Helping neuro-divergent talent to find a path into employment and make the innovation space more inclusive are aims of a new centre that opened last year in Manchester by EY.
The company’s new Neuro-Diverse Centre of Excellence is the first to open in the UK but the 19th centre for EY globally. Sam Tuckey and Lorna Culpin from the firm explain that the centres look to fuel innovation in technology, bring a new dimension of creativity, and drive greater diversity and inclusion in the workplace.
Each of the Centres of Excellence is designed to create a supportive working environment for individuals with cognitive differences – such as autism, dyslexia and ADHD – to help them to apply their strengths and meet clients’ business needs in emerging technologies such as artificial intelligence, data analytics, automation and blockchain.
“We sit within our client technology and innovation team at EY and work on innovative technology and solutions for the firm and for our clients,” explains Lorna. “That means we could be looking at how we can think differently with new pieces of technology, or how we can take what we already have and apply technologies in a different way.”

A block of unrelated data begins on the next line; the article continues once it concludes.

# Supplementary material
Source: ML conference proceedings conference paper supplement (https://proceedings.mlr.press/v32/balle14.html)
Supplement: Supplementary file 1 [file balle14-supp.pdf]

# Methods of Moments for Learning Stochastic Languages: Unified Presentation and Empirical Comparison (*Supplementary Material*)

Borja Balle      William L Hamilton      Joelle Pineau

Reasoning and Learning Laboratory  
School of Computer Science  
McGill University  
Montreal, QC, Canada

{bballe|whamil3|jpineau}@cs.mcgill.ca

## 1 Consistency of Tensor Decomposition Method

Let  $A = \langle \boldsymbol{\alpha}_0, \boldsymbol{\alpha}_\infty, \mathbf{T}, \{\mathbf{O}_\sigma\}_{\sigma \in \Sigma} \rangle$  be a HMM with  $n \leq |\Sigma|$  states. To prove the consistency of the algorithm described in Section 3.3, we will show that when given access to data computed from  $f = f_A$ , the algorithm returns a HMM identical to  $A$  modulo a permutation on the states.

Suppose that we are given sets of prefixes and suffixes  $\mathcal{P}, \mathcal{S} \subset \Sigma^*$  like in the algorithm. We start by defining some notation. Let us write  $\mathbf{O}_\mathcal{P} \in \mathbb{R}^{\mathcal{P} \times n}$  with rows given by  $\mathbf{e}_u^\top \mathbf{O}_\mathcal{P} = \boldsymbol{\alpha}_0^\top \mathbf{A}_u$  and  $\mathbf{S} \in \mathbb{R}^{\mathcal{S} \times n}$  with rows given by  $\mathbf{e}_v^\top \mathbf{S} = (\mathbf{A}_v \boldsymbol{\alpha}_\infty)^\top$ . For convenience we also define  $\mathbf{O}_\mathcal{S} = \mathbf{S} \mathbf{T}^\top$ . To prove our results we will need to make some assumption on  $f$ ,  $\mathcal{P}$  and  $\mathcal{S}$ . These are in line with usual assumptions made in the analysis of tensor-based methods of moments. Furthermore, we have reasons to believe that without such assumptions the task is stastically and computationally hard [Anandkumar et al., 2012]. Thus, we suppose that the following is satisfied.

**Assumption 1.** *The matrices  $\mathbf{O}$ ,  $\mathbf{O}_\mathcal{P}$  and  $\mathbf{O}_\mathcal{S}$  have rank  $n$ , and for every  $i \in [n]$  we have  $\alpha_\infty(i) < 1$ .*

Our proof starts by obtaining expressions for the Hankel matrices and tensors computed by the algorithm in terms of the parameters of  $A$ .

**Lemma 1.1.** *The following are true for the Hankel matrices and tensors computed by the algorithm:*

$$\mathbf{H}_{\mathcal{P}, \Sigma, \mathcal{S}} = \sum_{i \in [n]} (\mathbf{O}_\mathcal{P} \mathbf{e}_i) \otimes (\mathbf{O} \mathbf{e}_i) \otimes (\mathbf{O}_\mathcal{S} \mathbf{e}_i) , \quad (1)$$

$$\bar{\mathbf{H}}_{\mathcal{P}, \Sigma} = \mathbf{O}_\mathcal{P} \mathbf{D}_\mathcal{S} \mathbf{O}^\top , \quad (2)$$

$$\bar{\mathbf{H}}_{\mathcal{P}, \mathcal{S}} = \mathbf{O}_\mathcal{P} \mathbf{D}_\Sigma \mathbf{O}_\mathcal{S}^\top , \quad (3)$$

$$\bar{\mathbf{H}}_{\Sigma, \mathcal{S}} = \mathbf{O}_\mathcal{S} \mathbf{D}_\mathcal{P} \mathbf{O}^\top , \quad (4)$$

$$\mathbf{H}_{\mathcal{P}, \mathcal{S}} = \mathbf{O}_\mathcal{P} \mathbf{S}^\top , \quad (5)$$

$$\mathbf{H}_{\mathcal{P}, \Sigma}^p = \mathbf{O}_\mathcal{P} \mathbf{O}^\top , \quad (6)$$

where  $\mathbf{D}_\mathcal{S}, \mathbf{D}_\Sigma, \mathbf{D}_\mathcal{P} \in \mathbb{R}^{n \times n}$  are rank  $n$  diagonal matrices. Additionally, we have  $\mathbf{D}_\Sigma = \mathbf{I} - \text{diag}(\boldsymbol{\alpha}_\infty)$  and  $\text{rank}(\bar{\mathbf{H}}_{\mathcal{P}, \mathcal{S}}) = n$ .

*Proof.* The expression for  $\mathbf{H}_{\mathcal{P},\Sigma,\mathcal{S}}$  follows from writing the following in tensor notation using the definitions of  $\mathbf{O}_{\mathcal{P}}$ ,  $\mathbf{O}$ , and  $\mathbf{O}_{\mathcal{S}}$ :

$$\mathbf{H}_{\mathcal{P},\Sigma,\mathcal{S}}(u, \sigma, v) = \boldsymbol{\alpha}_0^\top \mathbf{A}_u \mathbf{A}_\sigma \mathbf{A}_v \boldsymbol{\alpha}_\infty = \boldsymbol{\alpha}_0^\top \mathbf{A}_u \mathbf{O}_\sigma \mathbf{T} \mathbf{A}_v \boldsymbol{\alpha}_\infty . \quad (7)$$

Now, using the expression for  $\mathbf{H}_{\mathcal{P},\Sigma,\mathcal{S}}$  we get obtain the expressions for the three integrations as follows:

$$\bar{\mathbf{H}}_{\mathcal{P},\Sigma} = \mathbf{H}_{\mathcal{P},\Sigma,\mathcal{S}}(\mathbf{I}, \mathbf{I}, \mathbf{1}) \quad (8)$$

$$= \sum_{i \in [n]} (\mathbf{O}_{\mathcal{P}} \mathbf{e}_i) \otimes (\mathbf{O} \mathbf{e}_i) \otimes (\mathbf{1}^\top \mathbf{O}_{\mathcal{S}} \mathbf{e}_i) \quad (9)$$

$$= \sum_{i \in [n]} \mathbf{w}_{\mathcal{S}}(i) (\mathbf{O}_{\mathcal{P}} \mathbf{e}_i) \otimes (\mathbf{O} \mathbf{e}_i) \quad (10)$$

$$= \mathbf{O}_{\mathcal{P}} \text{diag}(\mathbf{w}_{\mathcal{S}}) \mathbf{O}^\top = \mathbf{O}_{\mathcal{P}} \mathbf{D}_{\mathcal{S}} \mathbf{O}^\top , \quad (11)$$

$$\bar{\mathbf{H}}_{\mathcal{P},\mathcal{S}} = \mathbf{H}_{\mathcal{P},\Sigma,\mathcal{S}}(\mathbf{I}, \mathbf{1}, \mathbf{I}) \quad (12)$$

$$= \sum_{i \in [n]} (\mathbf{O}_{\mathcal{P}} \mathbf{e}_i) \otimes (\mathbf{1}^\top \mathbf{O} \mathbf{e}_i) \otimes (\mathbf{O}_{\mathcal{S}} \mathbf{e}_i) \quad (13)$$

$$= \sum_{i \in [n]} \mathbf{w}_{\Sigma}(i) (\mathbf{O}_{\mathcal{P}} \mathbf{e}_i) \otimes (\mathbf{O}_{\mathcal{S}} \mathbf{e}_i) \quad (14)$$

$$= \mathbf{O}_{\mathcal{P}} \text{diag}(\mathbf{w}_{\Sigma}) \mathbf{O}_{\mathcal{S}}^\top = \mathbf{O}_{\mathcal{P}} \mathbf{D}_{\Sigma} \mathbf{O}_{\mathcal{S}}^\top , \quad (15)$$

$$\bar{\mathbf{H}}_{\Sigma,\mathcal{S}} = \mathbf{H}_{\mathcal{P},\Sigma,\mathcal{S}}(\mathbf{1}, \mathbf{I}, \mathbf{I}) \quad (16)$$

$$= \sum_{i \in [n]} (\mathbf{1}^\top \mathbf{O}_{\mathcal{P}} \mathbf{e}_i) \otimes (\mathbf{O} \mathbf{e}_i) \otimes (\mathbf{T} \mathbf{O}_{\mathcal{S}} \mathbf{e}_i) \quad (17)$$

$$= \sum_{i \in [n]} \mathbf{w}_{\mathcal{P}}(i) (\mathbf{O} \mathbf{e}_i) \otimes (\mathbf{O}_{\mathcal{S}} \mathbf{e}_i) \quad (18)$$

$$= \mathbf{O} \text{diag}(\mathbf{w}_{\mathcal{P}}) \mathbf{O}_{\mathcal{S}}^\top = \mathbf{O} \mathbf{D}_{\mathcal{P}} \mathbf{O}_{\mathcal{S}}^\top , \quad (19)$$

There are many benefits of working in a team with such a broad diversity of thinking. However, managing a new team at a business the size of EY and with a pool of talented technologists does bring its challenges, Lorna continues.
“We’ve worked hard to raise awareness about what we’re doing internally. We have a lot of functions in EY and we have a lot of ways of doing things, so we need to explain what we do and what the benefits are for our teams and clients.”
Sam Tuckey adds that it’s also important to recognise the skills of each individual. “Whilst there are talents that are common between lots of people, everyone is also an individual and you need to treat them as such to avoid stereotyping.”
Lorna continues: “Within the Centre it’s been great to have sessions where people are willing to come forward and share their lived experiences of cognitive difference, sometimes just in little 15 minute snippets. That’s brilliant for people sharing their perspective because they don’t feel overwhelmed, but it’s also great for those listening because they still pick up valuable insights. It’s a really good way of inviting people into that conversation.
“The entry points for inclusion need to be multifaceted and diverse, not just focused on one thing,” she adds. “We do a lot of collaborative sessions between the different networks and communities in our organisation that allow people to see what it’s like from multiple perspectives.”
Measuring the impact of inclusive innovation involves considering a number of factors and Lorna is very clear on the challenge of being able to monitor progress and impact.